The gold standard of eight hours' sleep is 'WRONG' – as scientists find sweet spot
28th April 2022

SEVEN hours of sleep per night is the sweet spot for your brain, according to experts.

People who snooze too much or too little score lower on thinking tests, have worse mental health and face a higher dementia risk.

Cambridge University scientists checked data and brain scans from up to 500,000 Brits between the ages of 38 and 73.

While some feel fine after a short kip and others have to drag themselves out of bed in the morning, seven hours is a good rule of thumb, researchers said.

They added that a regular bedtime without late nights or early mornings is best for keeping your mind sharp.

Study author Professor Barbara Sahakian said: “Getting a good night’s sleep is important at all stages of life, but particularly as we age.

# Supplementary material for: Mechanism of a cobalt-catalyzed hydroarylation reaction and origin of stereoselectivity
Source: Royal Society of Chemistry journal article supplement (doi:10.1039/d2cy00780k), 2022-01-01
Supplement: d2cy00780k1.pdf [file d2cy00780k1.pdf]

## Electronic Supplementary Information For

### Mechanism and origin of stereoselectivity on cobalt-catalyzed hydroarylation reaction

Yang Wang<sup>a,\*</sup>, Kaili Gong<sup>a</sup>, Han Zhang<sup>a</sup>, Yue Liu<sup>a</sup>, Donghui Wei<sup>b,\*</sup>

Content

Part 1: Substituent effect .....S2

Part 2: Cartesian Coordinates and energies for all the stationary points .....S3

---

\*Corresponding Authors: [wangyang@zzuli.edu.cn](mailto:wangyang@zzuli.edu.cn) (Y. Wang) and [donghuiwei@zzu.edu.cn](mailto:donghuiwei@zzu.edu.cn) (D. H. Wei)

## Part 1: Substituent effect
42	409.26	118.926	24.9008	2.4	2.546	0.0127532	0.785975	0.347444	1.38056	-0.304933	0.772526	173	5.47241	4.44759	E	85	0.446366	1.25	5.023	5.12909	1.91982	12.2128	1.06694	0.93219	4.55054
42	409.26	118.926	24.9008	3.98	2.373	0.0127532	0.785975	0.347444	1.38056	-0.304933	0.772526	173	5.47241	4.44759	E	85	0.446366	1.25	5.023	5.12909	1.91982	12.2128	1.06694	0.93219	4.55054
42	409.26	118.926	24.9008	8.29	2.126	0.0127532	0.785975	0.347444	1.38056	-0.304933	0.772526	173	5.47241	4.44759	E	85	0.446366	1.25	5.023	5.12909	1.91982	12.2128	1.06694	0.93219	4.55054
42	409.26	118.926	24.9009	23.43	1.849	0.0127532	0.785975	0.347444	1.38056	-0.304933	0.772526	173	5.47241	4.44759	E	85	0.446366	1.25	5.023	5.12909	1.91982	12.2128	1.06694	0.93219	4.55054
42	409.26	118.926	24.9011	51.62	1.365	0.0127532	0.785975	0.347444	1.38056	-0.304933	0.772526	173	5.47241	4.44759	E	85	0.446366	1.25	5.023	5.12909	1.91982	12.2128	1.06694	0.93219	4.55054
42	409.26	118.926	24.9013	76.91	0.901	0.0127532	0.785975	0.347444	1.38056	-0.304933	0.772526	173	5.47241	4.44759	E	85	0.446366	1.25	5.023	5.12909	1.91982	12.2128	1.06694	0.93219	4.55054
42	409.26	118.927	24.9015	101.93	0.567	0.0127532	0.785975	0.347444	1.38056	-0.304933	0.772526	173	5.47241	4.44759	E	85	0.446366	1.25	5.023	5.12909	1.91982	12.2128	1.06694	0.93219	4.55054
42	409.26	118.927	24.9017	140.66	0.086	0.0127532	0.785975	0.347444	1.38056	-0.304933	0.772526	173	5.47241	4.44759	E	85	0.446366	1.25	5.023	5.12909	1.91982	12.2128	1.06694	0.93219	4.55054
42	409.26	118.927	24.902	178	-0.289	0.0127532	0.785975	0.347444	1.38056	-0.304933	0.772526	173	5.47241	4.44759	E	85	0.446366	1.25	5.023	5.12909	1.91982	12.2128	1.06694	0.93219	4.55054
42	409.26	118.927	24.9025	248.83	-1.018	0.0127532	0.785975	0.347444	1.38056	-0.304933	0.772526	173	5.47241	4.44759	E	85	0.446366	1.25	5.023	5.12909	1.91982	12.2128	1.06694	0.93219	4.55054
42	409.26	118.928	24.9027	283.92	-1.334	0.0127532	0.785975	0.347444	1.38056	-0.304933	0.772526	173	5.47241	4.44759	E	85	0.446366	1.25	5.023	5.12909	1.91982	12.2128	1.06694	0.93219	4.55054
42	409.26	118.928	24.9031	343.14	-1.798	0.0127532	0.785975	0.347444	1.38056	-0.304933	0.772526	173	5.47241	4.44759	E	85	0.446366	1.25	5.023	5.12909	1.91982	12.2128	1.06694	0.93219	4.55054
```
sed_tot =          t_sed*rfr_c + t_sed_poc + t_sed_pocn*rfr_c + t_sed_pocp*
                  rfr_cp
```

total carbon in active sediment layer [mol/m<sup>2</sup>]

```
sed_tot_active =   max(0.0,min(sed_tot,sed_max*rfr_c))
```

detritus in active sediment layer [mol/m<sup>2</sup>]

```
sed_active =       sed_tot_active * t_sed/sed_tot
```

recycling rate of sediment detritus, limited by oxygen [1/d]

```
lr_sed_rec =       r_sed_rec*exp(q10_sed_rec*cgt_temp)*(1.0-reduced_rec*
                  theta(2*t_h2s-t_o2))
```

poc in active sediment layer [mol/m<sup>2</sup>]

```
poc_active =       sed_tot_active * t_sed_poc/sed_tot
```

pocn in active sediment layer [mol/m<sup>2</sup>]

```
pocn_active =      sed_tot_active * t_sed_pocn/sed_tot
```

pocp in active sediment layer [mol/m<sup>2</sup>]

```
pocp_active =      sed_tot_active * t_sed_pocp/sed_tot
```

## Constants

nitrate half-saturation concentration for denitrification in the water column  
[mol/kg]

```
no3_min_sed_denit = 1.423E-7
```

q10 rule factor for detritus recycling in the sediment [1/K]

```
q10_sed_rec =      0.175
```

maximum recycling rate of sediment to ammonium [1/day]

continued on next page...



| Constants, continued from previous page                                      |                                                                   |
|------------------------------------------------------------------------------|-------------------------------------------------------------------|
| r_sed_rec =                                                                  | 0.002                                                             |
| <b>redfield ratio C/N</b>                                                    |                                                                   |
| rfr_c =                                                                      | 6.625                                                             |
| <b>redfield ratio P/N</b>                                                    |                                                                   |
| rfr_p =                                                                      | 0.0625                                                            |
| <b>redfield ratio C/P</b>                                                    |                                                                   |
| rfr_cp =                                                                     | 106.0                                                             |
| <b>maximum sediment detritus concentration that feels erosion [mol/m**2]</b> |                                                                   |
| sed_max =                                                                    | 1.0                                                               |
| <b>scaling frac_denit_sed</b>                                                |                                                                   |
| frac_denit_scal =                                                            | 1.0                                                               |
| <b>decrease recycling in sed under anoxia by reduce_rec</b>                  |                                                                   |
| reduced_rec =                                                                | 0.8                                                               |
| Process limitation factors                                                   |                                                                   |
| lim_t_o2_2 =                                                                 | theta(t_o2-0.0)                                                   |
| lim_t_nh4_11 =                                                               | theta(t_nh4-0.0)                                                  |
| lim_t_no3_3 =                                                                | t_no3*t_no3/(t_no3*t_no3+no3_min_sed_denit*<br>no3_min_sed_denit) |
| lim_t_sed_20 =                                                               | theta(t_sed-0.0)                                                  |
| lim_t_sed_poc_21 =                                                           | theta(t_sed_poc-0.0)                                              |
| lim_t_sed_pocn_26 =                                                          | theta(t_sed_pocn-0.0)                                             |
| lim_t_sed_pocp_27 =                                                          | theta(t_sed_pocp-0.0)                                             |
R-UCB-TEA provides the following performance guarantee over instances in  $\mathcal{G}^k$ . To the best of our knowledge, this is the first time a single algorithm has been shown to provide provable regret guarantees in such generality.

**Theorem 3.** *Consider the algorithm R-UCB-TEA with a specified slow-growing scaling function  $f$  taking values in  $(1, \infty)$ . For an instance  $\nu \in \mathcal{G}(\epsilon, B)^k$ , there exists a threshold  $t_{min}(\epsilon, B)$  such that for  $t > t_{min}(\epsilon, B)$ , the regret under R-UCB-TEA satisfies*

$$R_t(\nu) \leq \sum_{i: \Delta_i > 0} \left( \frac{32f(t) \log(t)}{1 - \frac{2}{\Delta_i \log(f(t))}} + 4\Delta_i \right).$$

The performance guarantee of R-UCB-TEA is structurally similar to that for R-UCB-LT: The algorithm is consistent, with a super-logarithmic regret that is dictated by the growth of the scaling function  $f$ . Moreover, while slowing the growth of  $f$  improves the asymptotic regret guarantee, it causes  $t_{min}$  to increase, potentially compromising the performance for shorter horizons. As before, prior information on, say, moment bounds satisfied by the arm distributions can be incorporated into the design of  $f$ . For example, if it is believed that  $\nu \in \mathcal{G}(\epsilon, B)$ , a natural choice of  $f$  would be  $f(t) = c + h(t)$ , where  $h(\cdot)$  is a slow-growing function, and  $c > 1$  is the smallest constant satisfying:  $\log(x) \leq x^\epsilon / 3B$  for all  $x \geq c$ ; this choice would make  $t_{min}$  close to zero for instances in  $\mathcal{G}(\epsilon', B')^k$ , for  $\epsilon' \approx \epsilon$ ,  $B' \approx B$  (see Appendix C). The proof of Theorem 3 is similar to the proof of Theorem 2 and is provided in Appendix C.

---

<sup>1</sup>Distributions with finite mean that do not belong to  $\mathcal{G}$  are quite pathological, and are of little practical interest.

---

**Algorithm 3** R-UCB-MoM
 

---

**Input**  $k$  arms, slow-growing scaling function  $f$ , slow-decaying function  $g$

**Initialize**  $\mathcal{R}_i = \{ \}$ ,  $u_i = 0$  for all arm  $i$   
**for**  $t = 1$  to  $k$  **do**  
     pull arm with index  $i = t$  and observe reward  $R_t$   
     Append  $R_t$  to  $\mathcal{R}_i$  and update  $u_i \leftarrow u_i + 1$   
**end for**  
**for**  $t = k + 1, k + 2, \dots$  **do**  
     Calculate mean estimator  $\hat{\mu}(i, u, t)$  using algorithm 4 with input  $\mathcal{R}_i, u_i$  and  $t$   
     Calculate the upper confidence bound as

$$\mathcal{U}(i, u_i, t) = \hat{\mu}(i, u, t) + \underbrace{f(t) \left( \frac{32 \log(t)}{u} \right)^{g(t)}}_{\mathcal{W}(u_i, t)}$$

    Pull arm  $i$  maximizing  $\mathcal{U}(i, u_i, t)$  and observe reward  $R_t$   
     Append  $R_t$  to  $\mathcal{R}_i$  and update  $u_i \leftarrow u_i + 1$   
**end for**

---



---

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“Finding ways to improve sleep for older people could be crucial to helping them maintain good mental health and avoiding cognitive decline.”

Prof Sahakian explained in the journal Nature Aging that deep sleep cleans the brain.

Shutting down for the night allows the body to connect and repair nerves to store memories and to clear out proteins that could otherwise build up and cause damage.

This takes hours to happen so people who don’t sleep enough miss out on the benefits.

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Hormone changes mean many people find it harder to sleep through the night as they get older.

But shut-eye is vital for all ages and the NHS says all adults should get at least seven hours a night.

Professor Jianfeng Feng from Fudan University in China, a co-author on the study, said: “The reasons why older people have poorer sleep appear to be complex.

“They are influenced by a combination of our genetic makeup and the structure of our brains.

“Our analysis supports the idea that too little or too much sleep causes cognitive problems.”

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